Beware of "false friends": the Russian for a spectacle is зрелище; экскурсия means "a guided tour", whereas 'excursion' has no one-word equivalent - it can be translated as "увеселительная прогулка" or "небольшое развлекательное путешествие" or (if it's a trip to the country) "поездка за город"), the choice depends on the situation.
" the Russian for a spectacle is зрелище "
excursion I will not speak to, but zrelishche / spektakl' i do not believe would be examples of false friends. spektakl' is also a meaning of english spectacle. But perhaps a secondary one.
May I suggest the wiki article on False Friends. https://en.wikipedia.org/wiki/False_friend
One example given I think explains it quite well: " An example is the English embarrassed, and the Spanish embarazada (which means pregnant), "
So spektakl'/spectacle could easily mean the same thing in either Russian or English, whereas Embarassed/Embarazada have drastically different meanings in English/Spanish.
I can't think of a context in which спектакль would mean "spectacle". The word спектакль refers to a theater piece or stage play, and, if used idiomatically, it may be the equivalent of "song and dance" as in "make a song and dance about something". A spectacle is always зрелище, and "spectacles" (=glasses) = очки. In other words, "спектакль" and "spectacle" ARE false friends.
I think it has to do with the difference between attributive adjectives and predicate adjectives. If an adjective (like хороший) comes before a noun (like "show" in this context), it is treated differently than if it comes after the noun. This site refers to them as "normal" and "short" adjectives.
"This show is very good." = Этот спектакль очень хорош(ий)/ Это представление очень хорошо/хорошее. The short forms of adjectives are preferable in predicative usage. By the way, "show" has a broader meaning than "спектакль" which only means a play or opera put on stage. Представление is any show on stage. Another meaning of представление is presenting.
Judging by other responses, it's a false friend. Russian appears to use спектакль to refer specifically to some kind of staged performance (be it a stage play or a Broadway musical), while "spectacle" in English tends to refer to any highly visible event that isn't necessarily theatrical, and may not even be voluntary. ("She really made a spectacle of herself at the party, getting in a shouting match with her friend, vomiting on Bob, and nearly driving into the ditch when she pulled out of the driveway.")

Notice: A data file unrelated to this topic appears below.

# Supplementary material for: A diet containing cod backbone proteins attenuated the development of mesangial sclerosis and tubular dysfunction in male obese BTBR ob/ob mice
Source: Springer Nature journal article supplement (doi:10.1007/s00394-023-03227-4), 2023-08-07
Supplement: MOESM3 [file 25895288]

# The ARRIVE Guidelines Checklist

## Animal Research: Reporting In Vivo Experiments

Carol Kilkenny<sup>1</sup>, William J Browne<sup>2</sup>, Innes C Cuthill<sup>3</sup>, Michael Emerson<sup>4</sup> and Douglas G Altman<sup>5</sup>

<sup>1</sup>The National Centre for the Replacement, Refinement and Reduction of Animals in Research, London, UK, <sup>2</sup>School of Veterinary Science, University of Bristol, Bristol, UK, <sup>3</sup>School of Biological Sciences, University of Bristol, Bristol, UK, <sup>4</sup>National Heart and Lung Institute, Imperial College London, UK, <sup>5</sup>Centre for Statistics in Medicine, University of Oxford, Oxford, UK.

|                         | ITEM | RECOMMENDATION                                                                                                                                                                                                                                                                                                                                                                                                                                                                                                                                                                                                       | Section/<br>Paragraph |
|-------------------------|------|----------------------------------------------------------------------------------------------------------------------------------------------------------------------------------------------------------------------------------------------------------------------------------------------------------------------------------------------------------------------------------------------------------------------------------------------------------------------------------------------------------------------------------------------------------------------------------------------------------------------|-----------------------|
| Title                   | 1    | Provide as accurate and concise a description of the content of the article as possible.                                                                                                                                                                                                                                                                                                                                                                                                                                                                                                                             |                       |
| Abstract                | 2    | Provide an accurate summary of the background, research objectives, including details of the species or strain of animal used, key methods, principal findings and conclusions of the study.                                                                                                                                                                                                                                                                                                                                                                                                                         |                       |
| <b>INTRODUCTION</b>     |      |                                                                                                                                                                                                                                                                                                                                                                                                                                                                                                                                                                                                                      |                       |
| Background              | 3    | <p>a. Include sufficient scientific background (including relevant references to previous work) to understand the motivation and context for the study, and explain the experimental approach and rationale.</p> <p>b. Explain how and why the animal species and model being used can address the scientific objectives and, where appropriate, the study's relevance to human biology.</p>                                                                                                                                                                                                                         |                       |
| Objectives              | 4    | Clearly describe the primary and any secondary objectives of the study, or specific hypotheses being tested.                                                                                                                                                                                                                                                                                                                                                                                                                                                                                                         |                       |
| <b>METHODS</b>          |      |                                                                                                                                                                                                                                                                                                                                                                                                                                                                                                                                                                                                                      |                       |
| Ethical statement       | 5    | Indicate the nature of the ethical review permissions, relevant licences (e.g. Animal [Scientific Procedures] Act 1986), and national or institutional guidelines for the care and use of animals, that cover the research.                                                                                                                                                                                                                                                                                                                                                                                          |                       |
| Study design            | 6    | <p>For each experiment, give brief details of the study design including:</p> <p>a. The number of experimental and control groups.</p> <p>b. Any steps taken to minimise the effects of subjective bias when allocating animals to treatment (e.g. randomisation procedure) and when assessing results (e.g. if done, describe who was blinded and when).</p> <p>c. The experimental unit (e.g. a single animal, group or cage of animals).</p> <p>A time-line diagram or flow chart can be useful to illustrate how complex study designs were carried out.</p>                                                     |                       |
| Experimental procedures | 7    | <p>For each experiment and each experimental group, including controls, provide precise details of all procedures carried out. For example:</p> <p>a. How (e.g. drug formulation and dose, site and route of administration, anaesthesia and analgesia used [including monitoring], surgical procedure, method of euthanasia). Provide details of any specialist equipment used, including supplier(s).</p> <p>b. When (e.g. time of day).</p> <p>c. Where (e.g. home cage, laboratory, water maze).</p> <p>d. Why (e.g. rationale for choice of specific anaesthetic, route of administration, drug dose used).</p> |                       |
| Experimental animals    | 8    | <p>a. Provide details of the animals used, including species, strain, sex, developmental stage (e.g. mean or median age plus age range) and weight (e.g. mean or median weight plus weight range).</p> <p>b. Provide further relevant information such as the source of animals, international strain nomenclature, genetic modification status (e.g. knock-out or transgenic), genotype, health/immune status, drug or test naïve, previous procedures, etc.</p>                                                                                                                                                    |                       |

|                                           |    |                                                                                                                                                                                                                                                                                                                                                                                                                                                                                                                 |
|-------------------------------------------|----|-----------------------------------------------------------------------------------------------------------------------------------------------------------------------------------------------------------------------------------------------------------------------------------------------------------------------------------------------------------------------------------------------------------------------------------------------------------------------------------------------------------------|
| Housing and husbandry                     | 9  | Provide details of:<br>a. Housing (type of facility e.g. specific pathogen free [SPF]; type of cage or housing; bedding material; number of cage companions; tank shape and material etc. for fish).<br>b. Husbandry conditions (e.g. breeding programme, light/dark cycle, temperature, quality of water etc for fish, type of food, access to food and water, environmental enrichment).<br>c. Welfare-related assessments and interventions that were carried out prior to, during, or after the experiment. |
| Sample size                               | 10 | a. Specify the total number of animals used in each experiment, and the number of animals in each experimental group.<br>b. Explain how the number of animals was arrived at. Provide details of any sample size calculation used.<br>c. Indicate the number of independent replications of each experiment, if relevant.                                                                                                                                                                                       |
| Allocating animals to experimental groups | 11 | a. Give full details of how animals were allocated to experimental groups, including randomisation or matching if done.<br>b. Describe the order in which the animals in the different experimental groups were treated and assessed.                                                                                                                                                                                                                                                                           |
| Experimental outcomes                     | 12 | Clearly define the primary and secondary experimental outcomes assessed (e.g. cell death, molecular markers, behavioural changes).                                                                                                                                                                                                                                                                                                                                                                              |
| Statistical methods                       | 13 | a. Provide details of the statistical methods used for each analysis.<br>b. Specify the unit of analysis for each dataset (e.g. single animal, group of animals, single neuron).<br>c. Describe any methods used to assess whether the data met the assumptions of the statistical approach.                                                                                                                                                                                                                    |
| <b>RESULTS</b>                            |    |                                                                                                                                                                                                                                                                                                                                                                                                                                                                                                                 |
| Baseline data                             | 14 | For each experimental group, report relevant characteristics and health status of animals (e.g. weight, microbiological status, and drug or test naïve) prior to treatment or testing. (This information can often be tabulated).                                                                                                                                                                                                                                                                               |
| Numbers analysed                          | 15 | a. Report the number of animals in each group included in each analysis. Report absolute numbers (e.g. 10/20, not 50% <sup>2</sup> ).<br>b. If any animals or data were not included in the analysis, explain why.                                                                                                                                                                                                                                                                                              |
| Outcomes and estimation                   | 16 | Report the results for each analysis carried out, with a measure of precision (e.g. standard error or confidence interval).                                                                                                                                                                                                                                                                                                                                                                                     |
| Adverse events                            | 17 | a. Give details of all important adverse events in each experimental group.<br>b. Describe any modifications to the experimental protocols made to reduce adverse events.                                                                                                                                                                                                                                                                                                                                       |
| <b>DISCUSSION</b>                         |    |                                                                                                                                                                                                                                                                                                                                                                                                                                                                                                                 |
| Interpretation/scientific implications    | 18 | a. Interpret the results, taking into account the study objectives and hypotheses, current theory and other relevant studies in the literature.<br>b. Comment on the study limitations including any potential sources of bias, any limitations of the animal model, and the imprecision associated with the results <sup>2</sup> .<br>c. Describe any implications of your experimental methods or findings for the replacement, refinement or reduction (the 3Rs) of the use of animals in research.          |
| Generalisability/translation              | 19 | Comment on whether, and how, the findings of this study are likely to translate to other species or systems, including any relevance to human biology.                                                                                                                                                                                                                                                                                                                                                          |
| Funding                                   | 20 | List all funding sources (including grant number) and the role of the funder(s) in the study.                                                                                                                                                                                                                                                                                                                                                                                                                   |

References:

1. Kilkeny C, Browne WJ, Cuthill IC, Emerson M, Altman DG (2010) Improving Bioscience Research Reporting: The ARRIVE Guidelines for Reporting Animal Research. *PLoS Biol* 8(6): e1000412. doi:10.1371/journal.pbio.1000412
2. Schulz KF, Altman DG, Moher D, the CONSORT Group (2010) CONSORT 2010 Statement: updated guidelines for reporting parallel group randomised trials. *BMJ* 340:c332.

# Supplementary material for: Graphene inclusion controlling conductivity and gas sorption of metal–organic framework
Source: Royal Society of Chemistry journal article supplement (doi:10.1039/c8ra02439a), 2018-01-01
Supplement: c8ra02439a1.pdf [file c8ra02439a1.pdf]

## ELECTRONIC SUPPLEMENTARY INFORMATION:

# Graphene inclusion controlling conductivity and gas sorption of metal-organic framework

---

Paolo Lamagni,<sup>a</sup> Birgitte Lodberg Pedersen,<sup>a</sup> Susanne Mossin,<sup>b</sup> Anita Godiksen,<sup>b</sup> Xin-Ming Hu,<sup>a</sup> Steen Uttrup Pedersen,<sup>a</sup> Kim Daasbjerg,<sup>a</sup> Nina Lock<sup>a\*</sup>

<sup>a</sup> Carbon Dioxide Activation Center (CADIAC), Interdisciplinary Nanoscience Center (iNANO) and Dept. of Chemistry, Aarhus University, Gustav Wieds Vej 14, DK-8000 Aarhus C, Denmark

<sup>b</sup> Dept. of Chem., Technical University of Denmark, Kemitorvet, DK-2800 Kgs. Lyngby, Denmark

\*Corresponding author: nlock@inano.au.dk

Attn Damgelly "спектакль performance, play, show, spectacle, theatrical, " I seen that given via google translate. But it is not given as a primary meaning of "performance". I am sure it could be used here as an English rendering/translation but , maybe the writers of the course did not offer it as an answer.
Maybe this is a matter of opinion, but at least in English, I would use "show" and "concert" interchangeably, but the system seems to treat them as two different things. Are there particular traits that would differentiate a спектакль from a концерт? (Or for that matter, a "show" from a "concert"? Or a "gig?")
In my experience, spektakl/спектакль is used to describe a show or a play, with "show" meaning some kind of performance on a stage that is NOT exclusively musical in nature. A spektakl that's an opera is called an opera. A concert (or any musical performance) is a kontsert/концерт. I know in English, show and concert and gig are pretty interchangeable, but that has not been the case in Russian, in my experience. A konsert is a konsert. A "show" in Russian context is more akin to a play. A musical on broadway is a spektakl.
In conversational English at least, “really” is indeed a more common alternative to “very”. «Очень» can be translated either to “very” or to “really”. In fact, the latter often sounds more natural. «На самом деле» corresponds to “actually” or “indeed”, so does «действительно» - at least with «хорош».